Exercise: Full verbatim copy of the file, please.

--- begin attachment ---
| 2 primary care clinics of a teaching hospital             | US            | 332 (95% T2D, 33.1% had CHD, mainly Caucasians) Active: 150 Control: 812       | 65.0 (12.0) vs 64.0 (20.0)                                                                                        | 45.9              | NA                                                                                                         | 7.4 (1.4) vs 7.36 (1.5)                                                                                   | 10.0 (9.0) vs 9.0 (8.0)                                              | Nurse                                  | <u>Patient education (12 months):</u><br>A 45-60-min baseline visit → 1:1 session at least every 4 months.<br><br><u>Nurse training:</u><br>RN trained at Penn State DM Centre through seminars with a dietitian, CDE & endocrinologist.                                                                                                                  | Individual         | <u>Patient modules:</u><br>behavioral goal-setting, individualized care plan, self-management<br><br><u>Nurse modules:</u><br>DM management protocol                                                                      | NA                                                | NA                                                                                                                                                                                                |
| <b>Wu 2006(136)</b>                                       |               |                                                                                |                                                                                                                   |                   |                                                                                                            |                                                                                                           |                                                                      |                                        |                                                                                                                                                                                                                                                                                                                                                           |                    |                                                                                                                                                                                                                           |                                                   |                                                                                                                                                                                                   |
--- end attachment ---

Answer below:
| 2 primary care clinics of a teaching hospital             | US            | 332 (95% T2D, 33.1% had CHD, mainly Caucasians) Active: 150 Control: 812       | 65.0 (12.0) vs 64.0 (20.0)                                                                                        | 45.9              | NA                                                                                                         | 7.4 (1.4) vs 7.36 (1.5)                                                                                   | 10.0 (9.0) vs 9.0 (8.0)                                              | Nurse                                  | <u>Patient education (12 months):</u><br>A 45-60-min baseline visit → 1:1 session at least every 4 months.<br><br><u>Nurse training:</u><br>RN trained at Penn State DM Centre through seminars with a dietitian, CDE & endocrinologist.                                                                                                                  | Individual         | <u>Patient modules:</u><br>behavioral goal-setting, individualized care plan, self-management<br><br><u>Nurse modules:</u><br>DM management protocol                                                                      | NA                                                | NA                                                                                                                                                                                                |
| <b>Wu 2006(136)</b>                                       |               |                                                                                |                                                                                                                   |                   |                                                                                                            |                                                                                                           |                                                                      |                                        |                                                                                                                                                                                                                                                                                                                                                           |                    |                                                                                                                                                                                                                           |                                                   |                                                                                                                                                                                                   |